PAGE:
Monday, July 22, 2013

My letter to Philadelphia Yearly Meeting's Education Committee

A lot of my friends and loved ones are part of Philadelphia Yearly Meeting, and many of them are struggling with PYM's recently formulated policy requiring that attenders at PYM youth events be housed and use the bathroom with their "biological gender." PYM's policy can be read here. The policy about activities with "intimate aspects, such as sleeping room assignments, using bathrooms and changing clothes" is not in keeping with the spirit of inclusiveness the Education Standing Committee is explicitly striving for. A number of my friends are also considering responding in writing to the policy, and many will also be part of the conversation about this policy at PYM's upcoming annual sessions. Some of my friends are finding this policy very painful, and some are quite angry about it. It has been helpful to us to share our thoughts and what we've written, so I am posting the letter I sent to the committee earlier this evening. I did not feel angered or hurt by the policy, perhaps because I am confident that as trans Friends and their loved ones and allies share their Light, the policy will not stand as it is written for long.


To the Philadelphia Yearly Meeting Education Standing Committee:

Dear Friends,

I recently read your policy on welcoming trans youth. I was struck by the clear desire to welcome and support trans youth, and by the committee's humility in recognizing that they are in need of further Light. In that spirit, I am responding to your invitation to write although I am not a part of PYM; I am a Quaker who lives in Michigan. However, I am also the parent of a 6-year-old who was assigned female at birth but socially transitioned to living full-time as a boy at age 4, and I wanted to introduce you to him as an example of the kind of trans youth you might someday find joining you at PYM youth events.

Our son has been at every FGC Summer Gathering since he was born, for the last two years attending as a boy. Although there are people who remember him from before his transition, most people who encounter him at FGC are not aware that he was assigned female. My oldest son, who is 12, has friends at the Gathering whom he has known since toddlerhood. When our six-year-old reaches that age, so will he, and most of his friends will know him only as a boy. Imagine the confusion and discomfort that would be caused if, in that setting, he were expected to room with girls and use the bathroom with them. It would be painful for him, and disorienting to adults and children alike who know him as a boy. It would be little different than asking my oldest son, assigned male at birth and affirmed male in his gender identification, to room with a girl when he reaches high school age, and use the girls' bathroom.

The thing that trans youth of all ages need most from us is affirmation of their chosen gender, and any act that undermines their sense of themselves can be painful and damaging. Many people without experience of trans youth have concerns about bathroom use, but I have had the opportunity to meet a number of other parents of trans kids of all ages, and have heard of very few problems when schools and camps have allowed young people to make their own decisions about which bathrooms they are most comfortable using. For instance, I know a ten-year-old girl, assigned male at birth, who changes in the girls' locker room of her public school, and has done so over a long period of time without incident. This kind of support is tremendously important to trans and gender-nonconforming kids, and it carries very little risk.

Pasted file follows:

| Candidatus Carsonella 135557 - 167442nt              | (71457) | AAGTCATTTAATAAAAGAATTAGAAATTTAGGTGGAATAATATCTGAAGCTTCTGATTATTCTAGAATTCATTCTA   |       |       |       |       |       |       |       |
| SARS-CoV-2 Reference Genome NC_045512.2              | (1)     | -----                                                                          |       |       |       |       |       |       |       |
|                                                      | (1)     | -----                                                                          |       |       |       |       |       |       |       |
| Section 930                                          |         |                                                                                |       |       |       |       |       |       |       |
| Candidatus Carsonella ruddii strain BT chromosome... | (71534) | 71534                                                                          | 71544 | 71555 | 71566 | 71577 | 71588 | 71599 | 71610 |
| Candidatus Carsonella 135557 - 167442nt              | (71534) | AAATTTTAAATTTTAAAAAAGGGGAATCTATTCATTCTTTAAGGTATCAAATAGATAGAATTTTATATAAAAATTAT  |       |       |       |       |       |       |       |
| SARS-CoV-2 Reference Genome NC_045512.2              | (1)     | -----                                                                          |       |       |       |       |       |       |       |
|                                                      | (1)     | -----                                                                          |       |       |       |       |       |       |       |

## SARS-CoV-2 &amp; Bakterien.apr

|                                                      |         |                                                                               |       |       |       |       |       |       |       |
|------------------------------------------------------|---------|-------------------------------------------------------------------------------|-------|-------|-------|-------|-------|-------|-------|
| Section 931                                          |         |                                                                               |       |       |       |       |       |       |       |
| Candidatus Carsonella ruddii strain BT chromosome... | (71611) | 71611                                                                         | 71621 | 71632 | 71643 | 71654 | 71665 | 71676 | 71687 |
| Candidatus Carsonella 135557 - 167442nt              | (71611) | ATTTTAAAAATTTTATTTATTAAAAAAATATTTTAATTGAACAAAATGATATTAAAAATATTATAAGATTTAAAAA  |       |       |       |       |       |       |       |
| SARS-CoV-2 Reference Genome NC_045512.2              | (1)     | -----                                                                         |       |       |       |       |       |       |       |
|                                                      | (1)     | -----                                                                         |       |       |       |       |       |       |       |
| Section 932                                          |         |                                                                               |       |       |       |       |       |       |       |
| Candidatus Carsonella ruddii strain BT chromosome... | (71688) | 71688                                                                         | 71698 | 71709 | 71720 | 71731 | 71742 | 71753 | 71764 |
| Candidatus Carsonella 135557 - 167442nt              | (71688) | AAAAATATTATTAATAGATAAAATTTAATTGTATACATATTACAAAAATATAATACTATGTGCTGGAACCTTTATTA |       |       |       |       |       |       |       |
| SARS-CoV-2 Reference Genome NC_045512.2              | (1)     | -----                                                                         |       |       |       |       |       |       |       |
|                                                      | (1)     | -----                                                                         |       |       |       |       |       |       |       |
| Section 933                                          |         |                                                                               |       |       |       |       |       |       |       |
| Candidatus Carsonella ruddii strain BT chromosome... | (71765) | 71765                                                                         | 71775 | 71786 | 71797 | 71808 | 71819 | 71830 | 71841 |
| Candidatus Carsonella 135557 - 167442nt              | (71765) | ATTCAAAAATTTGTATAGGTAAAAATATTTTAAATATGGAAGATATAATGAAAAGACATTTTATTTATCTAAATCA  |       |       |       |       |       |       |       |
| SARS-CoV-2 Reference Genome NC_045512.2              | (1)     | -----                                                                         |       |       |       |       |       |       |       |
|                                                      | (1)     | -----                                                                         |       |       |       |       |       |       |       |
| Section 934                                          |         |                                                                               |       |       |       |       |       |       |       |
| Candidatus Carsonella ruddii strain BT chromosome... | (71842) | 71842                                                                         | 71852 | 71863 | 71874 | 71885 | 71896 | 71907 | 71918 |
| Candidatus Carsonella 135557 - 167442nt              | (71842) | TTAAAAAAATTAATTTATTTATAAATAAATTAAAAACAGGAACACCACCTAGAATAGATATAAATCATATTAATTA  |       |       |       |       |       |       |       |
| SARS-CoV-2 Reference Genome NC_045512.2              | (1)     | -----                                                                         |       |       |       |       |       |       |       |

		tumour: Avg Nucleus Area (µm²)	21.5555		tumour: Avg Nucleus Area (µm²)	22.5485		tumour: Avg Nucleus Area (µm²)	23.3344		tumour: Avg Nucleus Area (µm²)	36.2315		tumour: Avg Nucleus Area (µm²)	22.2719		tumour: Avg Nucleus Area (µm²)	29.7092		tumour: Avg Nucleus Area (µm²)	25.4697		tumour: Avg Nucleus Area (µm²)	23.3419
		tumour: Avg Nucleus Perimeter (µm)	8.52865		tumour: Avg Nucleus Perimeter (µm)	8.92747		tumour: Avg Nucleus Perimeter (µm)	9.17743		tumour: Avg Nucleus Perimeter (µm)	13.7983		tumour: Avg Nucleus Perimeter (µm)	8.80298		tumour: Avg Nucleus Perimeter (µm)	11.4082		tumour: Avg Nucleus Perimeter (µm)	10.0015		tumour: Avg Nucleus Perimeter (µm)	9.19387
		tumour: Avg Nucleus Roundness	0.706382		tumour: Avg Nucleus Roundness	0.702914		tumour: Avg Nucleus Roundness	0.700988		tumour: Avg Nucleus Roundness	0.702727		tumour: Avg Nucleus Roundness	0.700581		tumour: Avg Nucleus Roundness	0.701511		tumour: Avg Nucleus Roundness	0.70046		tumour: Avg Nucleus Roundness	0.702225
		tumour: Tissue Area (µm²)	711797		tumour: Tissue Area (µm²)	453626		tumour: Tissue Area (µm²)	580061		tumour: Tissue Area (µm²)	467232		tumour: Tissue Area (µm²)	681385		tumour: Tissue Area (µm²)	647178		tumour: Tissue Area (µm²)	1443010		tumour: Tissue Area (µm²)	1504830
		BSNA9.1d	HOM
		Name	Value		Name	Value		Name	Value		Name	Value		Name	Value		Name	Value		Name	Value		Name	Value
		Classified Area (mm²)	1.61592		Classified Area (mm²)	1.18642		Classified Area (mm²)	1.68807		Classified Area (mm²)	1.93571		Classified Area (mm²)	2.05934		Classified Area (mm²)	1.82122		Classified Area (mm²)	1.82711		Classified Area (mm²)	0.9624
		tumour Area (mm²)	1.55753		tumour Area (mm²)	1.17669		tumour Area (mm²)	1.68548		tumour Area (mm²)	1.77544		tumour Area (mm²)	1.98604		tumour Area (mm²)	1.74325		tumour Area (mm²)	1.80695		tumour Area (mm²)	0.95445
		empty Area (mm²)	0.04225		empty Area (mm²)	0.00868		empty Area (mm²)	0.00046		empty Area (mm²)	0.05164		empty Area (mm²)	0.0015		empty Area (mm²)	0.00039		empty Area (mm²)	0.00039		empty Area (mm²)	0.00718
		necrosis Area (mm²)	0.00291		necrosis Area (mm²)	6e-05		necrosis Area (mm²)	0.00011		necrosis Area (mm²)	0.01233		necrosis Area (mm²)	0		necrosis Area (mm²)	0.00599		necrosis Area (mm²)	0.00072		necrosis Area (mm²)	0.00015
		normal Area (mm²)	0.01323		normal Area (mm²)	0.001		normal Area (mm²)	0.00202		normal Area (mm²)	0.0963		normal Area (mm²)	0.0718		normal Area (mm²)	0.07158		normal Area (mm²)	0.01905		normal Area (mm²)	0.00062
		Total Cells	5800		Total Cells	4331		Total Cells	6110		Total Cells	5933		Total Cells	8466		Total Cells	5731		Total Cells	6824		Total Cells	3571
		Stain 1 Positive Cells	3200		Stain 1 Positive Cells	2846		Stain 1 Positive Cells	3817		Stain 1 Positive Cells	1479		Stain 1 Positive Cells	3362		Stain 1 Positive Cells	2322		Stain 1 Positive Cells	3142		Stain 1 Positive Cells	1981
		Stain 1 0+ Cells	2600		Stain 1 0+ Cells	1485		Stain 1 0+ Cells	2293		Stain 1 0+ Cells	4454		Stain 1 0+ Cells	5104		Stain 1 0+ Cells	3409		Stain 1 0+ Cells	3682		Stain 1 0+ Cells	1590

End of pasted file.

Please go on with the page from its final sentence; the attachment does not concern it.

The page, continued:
I'd like to offer you three resources as well. TransHealth is a free conference that takes place every May or June at the Pennsylvania Convention Center. The conference has been invaluable for our family; it is where I have had opportunities to meet other families, as well as to hear from doctors and therapists who work extensively with trans youth. You mentioned that some adults would be educating themselves about trans issues; I encourage Friends to review next year's conference program when it becomes available and attend any sessions that seem useful (and perhaps one or two that seem challenging).

It might also be useful for you to know that the right to use facilities consistent with a person's affirmed gender is afforded civil rights protection in some places. You can find a comprehensive list here. Colorado's Division of Civil Rights recently ruled that the state's anti-discrimination laws, which prohibit discrimination against transgendered people, apply to a first-grader whose school had not been allowing her to use the girls' bathroom. The decision included the opinion that asking the girl to "disregard her identity while performing one of the most essential human functions constitutes severe and pervasive treatment, and creates an environment that is objectively and subjectively hostile, intimidating or offensive" (quoted in a New York Times article about the case.).

Finally, an article about my son's gender development will appear in the August issue of Friends Journal. Trans and gender nonconforming kids follow all kinds of paths; this is just the story of his so far, but you may find it interesting.

I will be holding you in the Light as you continue your work.

Su Penn


1 comment:

Tania said...